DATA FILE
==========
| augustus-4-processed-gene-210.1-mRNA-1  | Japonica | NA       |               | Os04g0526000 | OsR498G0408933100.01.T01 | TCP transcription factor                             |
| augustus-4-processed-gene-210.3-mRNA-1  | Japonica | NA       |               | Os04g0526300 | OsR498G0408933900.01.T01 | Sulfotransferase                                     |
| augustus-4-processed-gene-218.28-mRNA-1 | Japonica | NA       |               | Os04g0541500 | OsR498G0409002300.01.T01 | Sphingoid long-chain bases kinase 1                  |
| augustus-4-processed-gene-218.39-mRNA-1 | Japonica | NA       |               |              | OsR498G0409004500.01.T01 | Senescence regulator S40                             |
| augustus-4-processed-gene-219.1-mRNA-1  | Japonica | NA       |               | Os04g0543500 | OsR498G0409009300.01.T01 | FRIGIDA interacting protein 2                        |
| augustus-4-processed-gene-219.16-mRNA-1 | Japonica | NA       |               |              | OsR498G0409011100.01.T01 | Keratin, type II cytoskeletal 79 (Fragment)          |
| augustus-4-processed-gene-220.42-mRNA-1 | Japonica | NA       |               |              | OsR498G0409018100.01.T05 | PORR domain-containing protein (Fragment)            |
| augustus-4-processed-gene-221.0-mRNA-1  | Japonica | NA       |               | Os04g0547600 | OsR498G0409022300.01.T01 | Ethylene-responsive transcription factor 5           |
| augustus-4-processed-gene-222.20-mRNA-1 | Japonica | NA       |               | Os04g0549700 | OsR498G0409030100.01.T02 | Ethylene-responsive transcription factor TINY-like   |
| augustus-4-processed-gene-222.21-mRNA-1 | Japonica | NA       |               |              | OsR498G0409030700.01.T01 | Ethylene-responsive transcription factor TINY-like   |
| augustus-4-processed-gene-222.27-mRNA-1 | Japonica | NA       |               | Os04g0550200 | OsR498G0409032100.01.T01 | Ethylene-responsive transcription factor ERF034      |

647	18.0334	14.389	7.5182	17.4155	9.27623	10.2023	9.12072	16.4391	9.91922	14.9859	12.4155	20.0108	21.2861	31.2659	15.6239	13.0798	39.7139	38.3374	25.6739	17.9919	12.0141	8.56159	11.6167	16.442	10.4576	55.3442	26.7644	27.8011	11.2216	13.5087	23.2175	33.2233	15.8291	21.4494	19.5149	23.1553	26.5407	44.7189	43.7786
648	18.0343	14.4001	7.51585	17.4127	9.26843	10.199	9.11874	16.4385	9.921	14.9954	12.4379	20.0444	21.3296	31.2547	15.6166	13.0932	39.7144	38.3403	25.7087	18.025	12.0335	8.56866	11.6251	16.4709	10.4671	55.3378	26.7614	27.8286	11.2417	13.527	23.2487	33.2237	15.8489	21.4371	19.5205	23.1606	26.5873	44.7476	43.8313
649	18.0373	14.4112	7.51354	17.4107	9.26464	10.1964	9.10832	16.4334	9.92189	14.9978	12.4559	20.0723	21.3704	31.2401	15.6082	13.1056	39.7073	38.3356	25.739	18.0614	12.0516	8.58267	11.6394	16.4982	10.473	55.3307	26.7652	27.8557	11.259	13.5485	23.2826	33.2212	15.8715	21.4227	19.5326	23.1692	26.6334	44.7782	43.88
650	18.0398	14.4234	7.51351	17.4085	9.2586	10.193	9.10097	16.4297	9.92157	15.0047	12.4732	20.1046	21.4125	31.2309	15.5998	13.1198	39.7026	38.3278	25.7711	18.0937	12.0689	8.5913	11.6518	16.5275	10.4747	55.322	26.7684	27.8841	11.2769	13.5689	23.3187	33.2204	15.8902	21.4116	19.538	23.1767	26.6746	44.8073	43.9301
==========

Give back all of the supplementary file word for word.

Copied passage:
| augustus-4-processed-gene-210.1-mRNA-1  | Japonica | NA       |               | Os04g0526000 | OsR498G0408933100.01.T01 | TCP transcription factor                             |
| augustus-4-processed-gene-210.3-mRNA-1  | Japonica | NA       |               | Os04g0526300 | OsR498G0408933900.01.T01 | Sulfotransferase                                     |
| augustus-4-processed-gene-218.28-mRNA-1 | Japonica | NA       |               | Os04g0541500 | OsR498G0409002300.01.T01 | Sphingoid long-chain bases kinase 1                  |
| augustus-4-processed-gene-218.39-mRNA-1 | Japonica | NA       |               |              | OsR498G0409004500.01.T01 | Senescence regulator S40                             |
| augustus-4-processed-gene-219.1-mRNA-1  | Japonica | NA       |               | Os04g0543500 | OsR498G0409009300.01.T01 | FRIGIDA interacting protein 2                        |
| augustus-4-processed-gene-219.16-mRNA-1 | Japonica | NA       |               |              | OsR498G0409011100.01.T01 | Keratin, type II cytoskeletal 79 (Fragment)          |
| augustus-4-processed-gene-220.42-mRNA-1 | Japonica | NA       |               |              | OsR498G0409018100.01.T05 | PORR domain-containing protein (Fragment)            |
| augustus-4-processed-gene-221.0-mRNA-1  | Japonica | NA       |               | Os04g0547600 | OsR498G0409022300.01.T01 | Ethylene-responsive transcription factor 5           |
| augustus-4-processed-gene-222.20-mRNA-1 | Japonica | NA       |               | Os04g0549700 | OsR498G0409030100.01.T02 | Ethylene-responsive transcription factor TINY-like   |
| augustus-4-processed-gene-222.21-mRNA-1 | Japonica | NA       |               |              | OsR498G0409030700.01.T01 | Ethylene-responsive transcription factor TINY-like   |
| augustus-4-processed-gene-222.27-mRNA-1 | Japonica | NA       |               | Os04g0550200 | OsR498G0409032100.01.T01 | Ethylene-responsive transcription factor ERF034      |

647	18.0334	14.389	7.5182	17.4155	9.27623	10.2023	9.12072	16.4391	9.91922	14.9859	12.4155	20.0108	21.2861	31.2659	15.6239	13.0798	39.7139	38.3374	25.6739	17.9919	12.0141	8.56159	11.6167	16.442	10.4576	55.3442	26.7644	27.8011	11.2216	13.5087	23.2175	33.2233	15.8291	21.4494	19.5149	23.1553	26.5407	44.7189	43.7786
648	18.0343	14.4001	7.51585	17.4127	9.26843	10.199	9.11874	16.4385	9.921	14.9954	12.4379	20.0444	21.3296	31.2547	15.6166	13.0932	39.7144	38.3403	25.7087	18.025	12.0335	8.56866	11.6251	16.4709	10.4671	55.3378	26.7614	27.8286	11.2417	13.527	23.2487	33.2237	15.8489	21.4371	19.5205	23.1606	26.5873	44.7476	43.8313
649	18.0373	14.4112	7.51354	17.4107	9.26464	10.1964	9.10832	16.4334	9.92189	14.9978	12.4559	20.0723	21.3704	31.2401	15.6082	13.1056	39.7073	38.3356	25.739	18.0614	12.0516	8.58267	11.6394	16.4982	10.473	55.3307	26.7652	27.8557	11.259	13.5485	23.2826	33.2212	15.8715	21.4227	19.5326	23.1692	26.6334	44.7782	43.88
650	18.0398	14.4234	7.51351	17.4085	9.2586	10.193	9.10097	16.4297	9.92157	15.0047	12.4732	20.1046	21.4125	31.2309	15.5998	13.1198	39.7026	38.3278	25.7711	18.0937	12.0689	8.5913	11.6518	16.5275	10.4747	55.322	26.7684	27.8841	11.2769	13.5689	23.3187	33.2204	15.8902	21.4116	19.538	23.1767	26.6746	44.8073	43.9301